In a two-part conversation on Sounds Good, Matt Markgraf speaks with Murray State President Dr. Bob Davies, recapping some of the takeaways from the Board of Regents meeting last Friday. In the first part, they discuss the status of free speech on college and university campuses and Davies thoughts on free speech at Murray State. They also talk about the budget planning process for the next fiscal year and how the university is navigating a budget reduction of $4.5 million as it relates to enrollment and tuition. In the second part, they discuss the experiential learning EDGE Center, the Center for International Business and Trade in Paducah and why this year's Presidential Lecture has a focus on diversity in higher education.
Murray State University President Dr. Bob Davies kicked off the recent Board of Regents meeting describing the merits of free speech on college campuses, particularly Murray State. Quoting Forrest C. Pogue, he said "The hope of democracy depends on the diffusion of knowledge." While there isn't a free speech issue on campus, Davies said, he noticed issues on other campuses - referring to an incident at U.C. Berkeley in California (in which protests against a speaking engagement involving former Breitbart editor and provocative personality Milo Yiannopoulos).
Davies said this legislative session includes bills related to freedom of speech. Senate Bill 17 relates to religious speech, political speech, etc. on campuses.
He said it was important to bring up free speech to the Board of Regents, who set the tone and marching orders for a university. He said it's necessary to bring up different ideas and opinions in a manner that allows individuals to have civil and civic debate and felt it was important to address the "marketplace of ideas." Davies said he wants faculty, staff and students to know he will defend the ideal of free speech. Refering to an interview with Murray State News, he said free speech isn't necessarily "comfortable" and while it's important to keep people physically and mentally safe, education, learning and progressing are areas where levels of comfort can be stretched.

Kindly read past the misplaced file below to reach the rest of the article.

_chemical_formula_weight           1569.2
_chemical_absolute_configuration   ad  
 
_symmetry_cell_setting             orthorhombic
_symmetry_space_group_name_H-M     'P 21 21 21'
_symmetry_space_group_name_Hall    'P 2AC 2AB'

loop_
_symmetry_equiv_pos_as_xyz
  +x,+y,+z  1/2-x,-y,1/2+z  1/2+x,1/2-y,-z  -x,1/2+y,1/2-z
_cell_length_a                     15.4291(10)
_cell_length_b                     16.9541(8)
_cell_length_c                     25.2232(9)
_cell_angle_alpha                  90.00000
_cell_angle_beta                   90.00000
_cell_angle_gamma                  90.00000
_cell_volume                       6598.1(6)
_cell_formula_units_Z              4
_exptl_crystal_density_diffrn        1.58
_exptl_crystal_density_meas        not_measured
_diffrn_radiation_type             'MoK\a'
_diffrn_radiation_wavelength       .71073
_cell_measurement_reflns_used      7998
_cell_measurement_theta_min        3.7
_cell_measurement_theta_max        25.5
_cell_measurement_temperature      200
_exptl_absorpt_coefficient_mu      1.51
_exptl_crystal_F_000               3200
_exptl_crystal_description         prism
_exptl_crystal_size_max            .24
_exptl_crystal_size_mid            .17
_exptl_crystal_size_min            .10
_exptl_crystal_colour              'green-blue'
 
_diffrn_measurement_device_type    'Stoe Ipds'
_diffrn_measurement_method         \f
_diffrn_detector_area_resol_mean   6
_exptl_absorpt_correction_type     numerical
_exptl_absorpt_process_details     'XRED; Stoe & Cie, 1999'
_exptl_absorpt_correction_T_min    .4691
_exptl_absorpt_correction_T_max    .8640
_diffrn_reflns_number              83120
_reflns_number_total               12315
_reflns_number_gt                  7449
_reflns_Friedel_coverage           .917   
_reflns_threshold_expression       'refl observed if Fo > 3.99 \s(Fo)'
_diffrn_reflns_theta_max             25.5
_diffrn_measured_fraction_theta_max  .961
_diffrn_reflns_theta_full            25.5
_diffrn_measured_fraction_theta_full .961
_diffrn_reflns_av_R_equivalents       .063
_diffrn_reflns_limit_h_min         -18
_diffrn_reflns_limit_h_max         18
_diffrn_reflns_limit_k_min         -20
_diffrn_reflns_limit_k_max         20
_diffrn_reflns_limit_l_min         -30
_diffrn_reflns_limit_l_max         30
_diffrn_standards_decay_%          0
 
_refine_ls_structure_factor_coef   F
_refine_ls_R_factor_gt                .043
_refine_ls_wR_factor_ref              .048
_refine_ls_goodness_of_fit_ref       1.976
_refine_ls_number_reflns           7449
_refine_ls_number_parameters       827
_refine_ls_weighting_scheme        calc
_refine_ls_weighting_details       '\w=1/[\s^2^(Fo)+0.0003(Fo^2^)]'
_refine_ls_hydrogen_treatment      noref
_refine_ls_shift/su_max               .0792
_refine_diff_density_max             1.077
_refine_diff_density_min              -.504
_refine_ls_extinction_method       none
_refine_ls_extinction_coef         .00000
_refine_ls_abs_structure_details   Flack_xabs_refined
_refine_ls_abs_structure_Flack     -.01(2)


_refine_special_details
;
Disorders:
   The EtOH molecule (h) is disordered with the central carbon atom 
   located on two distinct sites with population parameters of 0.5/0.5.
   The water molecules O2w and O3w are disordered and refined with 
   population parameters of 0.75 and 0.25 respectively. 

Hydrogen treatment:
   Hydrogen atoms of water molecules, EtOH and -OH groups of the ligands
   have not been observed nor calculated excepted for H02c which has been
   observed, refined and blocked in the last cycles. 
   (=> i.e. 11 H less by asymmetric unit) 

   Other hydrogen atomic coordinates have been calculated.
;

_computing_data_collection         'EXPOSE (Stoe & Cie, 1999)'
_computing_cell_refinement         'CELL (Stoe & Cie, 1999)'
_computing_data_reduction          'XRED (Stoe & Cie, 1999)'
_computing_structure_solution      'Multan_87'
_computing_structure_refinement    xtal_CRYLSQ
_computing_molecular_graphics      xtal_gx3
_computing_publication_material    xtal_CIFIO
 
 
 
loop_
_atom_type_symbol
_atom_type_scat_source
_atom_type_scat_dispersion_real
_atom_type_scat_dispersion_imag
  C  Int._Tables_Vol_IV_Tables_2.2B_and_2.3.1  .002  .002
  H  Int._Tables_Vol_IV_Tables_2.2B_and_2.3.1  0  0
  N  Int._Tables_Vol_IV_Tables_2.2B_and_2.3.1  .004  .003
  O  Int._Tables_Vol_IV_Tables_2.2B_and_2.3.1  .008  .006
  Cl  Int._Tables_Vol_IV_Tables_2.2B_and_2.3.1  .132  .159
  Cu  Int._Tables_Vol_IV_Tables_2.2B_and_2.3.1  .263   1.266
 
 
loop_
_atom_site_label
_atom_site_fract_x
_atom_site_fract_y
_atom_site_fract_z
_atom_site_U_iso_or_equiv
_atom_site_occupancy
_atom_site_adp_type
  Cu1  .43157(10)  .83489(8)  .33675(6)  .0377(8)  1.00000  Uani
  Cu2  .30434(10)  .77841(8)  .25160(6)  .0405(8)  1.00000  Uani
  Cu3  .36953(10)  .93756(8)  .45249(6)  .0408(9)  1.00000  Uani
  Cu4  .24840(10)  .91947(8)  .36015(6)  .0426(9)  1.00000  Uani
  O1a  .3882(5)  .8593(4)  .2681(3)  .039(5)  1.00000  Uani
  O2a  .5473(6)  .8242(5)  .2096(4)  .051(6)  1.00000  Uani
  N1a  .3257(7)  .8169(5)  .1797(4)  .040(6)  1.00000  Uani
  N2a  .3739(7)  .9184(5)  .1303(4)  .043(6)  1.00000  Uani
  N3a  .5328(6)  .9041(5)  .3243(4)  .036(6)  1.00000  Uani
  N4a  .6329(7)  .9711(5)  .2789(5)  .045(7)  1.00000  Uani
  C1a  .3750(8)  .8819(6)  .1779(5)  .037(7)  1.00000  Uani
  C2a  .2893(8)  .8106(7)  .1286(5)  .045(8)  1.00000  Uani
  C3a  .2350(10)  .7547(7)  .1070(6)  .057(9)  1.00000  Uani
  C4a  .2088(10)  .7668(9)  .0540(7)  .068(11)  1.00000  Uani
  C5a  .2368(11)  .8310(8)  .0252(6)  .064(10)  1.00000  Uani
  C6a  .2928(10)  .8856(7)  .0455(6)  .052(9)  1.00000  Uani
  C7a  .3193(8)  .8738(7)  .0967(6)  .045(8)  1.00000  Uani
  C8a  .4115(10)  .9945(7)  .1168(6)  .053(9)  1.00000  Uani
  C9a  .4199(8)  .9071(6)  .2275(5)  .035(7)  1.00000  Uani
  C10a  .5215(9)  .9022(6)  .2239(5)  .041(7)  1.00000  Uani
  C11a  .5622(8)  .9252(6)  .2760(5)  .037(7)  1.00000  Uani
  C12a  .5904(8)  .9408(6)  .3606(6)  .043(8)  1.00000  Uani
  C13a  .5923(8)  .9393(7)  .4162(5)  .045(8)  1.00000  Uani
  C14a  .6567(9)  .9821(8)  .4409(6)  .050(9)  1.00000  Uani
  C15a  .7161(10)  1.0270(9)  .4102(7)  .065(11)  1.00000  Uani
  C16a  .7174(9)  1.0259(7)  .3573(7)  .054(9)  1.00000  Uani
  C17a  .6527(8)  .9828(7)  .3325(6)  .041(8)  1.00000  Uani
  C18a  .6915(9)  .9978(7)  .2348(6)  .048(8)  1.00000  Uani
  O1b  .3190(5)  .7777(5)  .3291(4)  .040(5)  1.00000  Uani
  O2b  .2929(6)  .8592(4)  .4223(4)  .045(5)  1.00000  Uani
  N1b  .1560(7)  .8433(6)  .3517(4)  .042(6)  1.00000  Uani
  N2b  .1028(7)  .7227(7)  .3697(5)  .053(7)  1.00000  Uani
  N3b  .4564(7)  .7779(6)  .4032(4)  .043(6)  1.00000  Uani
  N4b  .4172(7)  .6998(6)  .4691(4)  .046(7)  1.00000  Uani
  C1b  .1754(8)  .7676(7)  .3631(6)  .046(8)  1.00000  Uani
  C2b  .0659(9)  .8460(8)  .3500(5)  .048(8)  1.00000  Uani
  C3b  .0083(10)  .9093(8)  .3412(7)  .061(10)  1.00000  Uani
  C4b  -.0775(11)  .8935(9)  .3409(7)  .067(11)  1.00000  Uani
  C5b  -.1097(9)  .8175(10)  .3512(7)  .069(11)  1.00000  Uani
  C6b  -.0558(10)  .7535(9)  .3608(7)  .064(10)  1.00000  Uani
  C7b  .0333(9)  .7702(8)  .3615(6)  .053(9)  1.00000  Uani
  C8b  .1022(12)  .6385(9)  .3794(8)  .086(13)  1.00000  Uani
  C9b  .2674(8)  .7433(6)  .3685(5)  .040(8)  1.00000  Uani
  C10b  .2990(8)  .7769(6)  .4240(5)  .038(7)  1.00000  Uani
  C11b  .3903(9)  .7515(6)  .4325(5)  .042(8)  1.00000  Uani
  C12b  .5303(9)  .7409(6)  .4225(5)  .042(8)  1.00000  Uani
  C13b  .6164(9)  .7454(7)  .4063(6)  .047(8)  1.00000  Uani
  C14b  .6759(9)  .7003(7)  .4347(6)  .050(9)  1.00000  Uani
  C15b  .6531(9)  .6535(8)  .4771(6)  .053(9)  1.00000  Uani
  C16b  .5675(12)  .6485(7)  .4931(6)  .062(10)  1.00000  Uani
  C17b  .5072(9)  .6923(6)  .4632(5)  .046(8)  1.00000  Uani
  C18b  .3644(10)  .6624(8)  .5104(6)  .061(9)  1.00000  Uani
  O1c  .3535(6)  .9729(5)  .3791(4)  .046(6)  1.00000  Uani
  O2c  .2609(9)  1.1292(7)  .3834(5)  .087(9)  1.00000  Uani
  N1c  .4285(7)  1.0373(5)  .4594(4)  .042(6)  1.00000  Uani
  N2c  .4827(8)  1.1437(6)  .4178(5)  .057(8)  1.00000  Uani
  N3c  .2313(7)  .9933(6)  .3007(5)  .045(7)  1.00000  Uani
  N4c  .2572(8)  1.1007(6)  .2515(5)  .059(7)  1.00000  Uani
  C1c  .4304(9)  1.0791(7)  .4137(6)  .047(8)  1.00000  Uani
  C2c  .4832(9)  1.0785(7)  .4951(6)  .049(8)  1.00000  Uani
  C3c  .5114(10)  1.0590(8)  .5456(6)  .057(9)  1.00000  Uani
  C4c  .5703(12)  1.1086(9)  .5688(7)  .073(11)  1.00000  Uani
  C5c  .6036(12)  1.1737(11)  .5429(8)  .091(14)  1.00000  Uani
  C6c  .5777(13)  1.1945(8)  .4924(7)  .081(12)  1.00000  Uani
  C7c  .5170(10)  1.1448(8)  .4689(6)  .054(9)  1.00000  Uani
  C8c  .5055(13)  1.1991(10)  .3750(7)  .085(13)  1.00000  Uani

"We don't and we should not teach individuals what to think but how to think, how to register ideas, how to be logical and critical and mindful, how to do research and how to gain and garner wisdom. and to me that's the important part," Davies said.
He encouraged students to go beyond their comfort zones and said now is the time to embrace diversity, bring thoughts together, understand differences and work around them or work with them.
One of the big takeaways from the recent Board of Regents meeting was guidance on the next fiscal year budget and a $4.5 million budget reduction. Davies said these were two related financial items discussed at the meeting: this year's fiscal situation and the budget planning process for next year.
Unpacking the enrollment challenges, Davies said the university is coming from a five or six year horizon of large freshmen classes and transfer enrollments. As those classes moved through the system, many were not retained and those who were successful led to large graduation classes. There have been smaller freshmen classes over the last couple of years and retention has not been as high following an increase in academic standards. As such, for the next couple of years there will be smaller junior and senior classes. However, he noted this year's freshmen class and transfer numbers show a slight increase, so the trajectory is on an upward trend.
At the board meeting, a $6.5 million downward adjustment from this year's budget was mentioned, citing numbers from the end of December. Since then, there has been some gain, but the big number will come from performance in the summer, which is expected to significantly lower that number. Contingency funding for this year will help shore up the remainder of that amount. Davies said there has also been some general fund areas identified to offset the losses. He said the fiscal year will end close to balance. Davies encourages prudent spending for the remainder of the year and said other factors will mitigate the shortfall, for instance unemployment insurance is lower than projected.
Davies said Murray State is looking to have a higher freshmen class this upcoming year than the previous year, but the university is still a few years out from graduating the smaller classes. For budgeting purposes, a conservative estimate will factor in a $4.5 million enrollment decline. He said this can be offset by various things like a tuition increase or cuts from the general fund.